Why OPV cessation?
Oral polio vaccine (OPV) is extremely safe and effective at protecting children against lifelong polio paralysis. Over the past ten years, more than 10 billion doses of OPV have been given to nearly three billion children worldwide. More than 16 million cases of polio have been prevented, and the disease has been reduced by more than 99%. It is the appropriate vaccine through which to achieve global polio eradication.
OPV contains attenuated (weakened) polioviruses. On extremely rare occasions, use of OPV can result in cases of polio due to vaccine-associated paralytic polio (VAPP) and circulating vaccine-derived polioviruses (cVDPVs). For this reason, the global eradication of polio requires the cessation of all OPV in routine immunization, as soon as possible after the eradication of wild poliovirus (WPV) transmission.
Phased approach to OPV cessation – trivalent OPV to bivalent OPV switch
Historically, OPV has been available in different formulations:
- Trivalent OPV – containing type 1, 2 and 3 serotypes
- Bivalent OPV – containing type 1 and 3 serotypes
- Monovalent OPV – containing one serotype (ie type 1, 2 or 3)
A mix of all three formulations was being used to eradicate polio during supplementary immunization activities (SIAs). However, only trivalent OPV was used in routine immunization programmes. Bivalent OPV was exclusively used during SIAs to more rapidly interrupt the transmission of WPV1 and 3 – the only remaining WPV strains in circulation. WPV2 has been eradicated since 1999.
With the transmission of WPV2 already successfully interrupted, the only cases of type 2 paralytic polio were being caused by the type 2 serotype component in trivalent OPV. Over 90% of cVDPV cases were due to the type 2 component, which was also responsible for up to 38% of VAPP cases (approx. 200 cases per year worldwide).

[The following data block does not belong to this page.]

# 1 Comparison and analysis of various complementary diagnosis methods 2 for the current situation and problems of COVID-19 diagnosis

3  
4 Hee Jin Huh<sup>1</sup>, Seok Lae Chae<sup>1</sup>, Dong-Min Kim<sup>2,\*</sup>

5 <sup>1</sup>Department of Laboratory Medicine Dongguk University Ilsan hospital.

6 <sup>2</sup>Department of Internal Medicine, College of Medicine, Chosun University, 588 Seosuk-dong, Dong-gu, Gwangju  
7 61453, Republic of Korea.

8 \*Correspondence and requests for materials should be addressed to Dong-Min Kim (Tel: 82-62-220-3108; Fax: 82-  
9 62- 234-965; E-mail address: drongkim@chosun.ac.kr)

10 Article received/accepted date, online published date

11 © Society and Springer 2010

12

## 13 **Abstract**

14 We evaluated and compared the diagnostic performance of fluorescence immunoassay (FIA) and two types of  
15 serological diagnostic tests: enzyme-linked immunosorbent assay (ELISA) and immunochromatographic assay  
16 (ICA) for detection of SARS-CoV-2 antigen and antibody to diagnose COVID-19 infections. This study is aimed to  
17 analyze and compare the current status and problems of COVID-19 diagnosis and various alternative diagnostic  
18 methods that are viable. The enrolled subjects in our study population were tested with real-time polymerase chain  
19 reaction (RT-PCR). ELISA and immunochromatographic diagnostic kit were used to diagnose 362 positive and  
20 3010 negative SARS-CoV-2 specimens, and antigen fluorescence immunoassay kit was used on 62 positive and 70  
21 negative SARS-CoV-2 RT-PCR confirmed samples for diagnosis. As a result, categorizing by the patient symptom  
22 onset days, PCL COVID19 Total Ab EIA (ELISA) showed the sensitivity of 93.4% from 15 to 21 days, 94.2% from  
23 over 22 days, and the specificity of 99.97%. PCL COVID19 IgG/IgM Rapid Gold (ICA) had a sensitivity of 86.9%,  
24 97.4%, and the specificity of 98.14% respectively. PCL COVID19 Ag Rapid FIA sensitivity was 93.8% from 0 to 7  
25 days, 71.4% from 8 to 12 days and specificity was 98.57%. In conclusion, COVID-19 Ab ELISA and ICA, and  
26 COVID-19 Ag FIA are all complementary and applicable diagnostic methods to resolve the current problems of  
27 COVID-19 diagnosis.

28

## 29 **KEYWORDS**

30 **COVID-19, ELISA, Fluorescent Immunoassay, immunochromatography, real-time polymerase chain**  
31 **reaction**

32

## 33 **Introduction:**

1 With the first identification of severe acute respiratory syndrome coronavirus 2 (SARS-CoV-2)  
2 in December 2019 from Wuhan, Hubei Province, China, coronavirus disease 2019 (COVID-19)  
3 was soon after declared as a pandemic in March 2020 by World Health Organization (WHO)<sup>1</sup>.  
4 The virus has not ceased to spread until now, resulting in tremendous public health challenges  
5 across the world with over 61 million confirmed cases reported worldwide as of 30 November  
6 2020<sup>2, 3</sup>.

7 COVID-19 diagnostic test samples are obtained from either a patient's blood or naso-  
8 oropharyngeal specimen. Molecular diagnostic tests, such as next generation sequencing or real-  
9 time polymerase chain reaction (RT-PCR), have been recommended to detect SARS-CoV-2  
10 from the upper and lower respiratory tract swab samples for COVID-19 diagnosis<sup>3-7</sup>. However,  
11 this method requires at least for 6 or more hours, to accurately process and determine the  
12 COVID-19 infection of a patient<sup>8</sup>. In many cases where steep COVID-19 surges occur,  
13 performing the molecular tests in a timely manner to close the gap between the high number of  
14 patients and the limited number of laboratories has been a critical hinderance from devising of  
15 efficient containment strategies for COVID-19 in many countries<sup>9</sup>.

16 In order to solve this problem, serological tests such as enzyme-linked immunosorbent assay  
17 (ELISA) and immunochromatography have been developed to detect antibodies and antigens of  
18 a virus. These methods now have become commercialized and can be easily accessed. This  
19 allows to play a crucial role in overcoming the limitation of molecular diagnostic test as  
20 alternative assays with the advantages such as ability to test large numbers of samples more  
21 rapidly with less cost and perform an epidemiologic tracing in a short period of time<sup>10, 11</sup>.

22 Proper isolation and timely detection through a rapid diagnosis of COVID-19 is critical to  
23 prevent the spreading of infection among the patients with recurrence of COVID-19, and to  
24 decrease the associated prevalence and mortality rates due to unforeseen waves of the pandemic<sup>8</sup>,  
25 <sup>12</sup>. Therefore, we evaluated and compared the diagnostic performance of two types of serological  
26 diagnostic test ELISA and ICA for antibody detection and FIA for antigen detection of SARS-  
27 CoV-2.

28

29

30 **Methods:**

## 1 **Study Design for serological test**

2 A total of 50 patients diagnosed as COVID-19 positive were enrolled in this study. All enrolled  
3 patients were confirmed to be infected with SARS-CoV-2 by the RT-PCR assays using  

In April 2016 a switch was implemented from trivalent OPV to bivalent OPV in routine immunization programmes.
Following WPV1 and WPV3 eradication, use of all OPV in routine immunizations will be stopped.
The switch from trivalent OPV to bivalent OPV is associated with significant public health benefits. More 90% of all cVDPV cases, currently caused by the type 2 component of trivalent OPV, and up to 38% of all VAPP cases, will no longer occur.
In addition to these significant humanitarian benefits, OPV type 2 cessation will provide the GPEI with a ‘push’ for global OPV cessation of all OPVs. Feasibility of OPV cessation was underscored in practice, and ensured a ‘trial run’ for all OPV cessation. Key lessons were learnt to ensure that this process can be implemented in the safest and most efficient manner.
Programmatic implications of trivalent OPV to bivalent OPV switch
Since 2014, countries have been preparing for the switch from trivalent OPV to bivalent OPV to minimise the risks associated with the phased removal of OPV.
The primary risk associated with the switch is the increase in susceptible populations to poliovirus type 2, which in turn increases the risk of new cVDPV type 2 emergence in the immediate period following OPV type 2 cessation. Several strategies are being used to safely manage these risks.
Inactivated polio vaccine (IPV):
To maintain immunity levels to type 2 polio, high-risk countries introduced IPV into routine immunization programmes prior to the switch.
Access to bivalent OPV in routine immunization:
Bivalent OPV was previously licensed for use during SIAs only. Access to sufficient supplies of bivalent OPV licensed for routine immunization use was made available for the switch.
Maintaining outbreak response capacity:
At the same time, outbreak response capacity is being maintained, including ensuring the supply and management of stockpiles of vaccines containing OPV type 2 to facilitate an appropriate outbreak response, should it be necessary.
All WPV2 and Sabin type 2 viruses must be placed under appropriate biocontainment levels on a timely basis to minimize the risk of re-introduction into a type 2 polio-free world.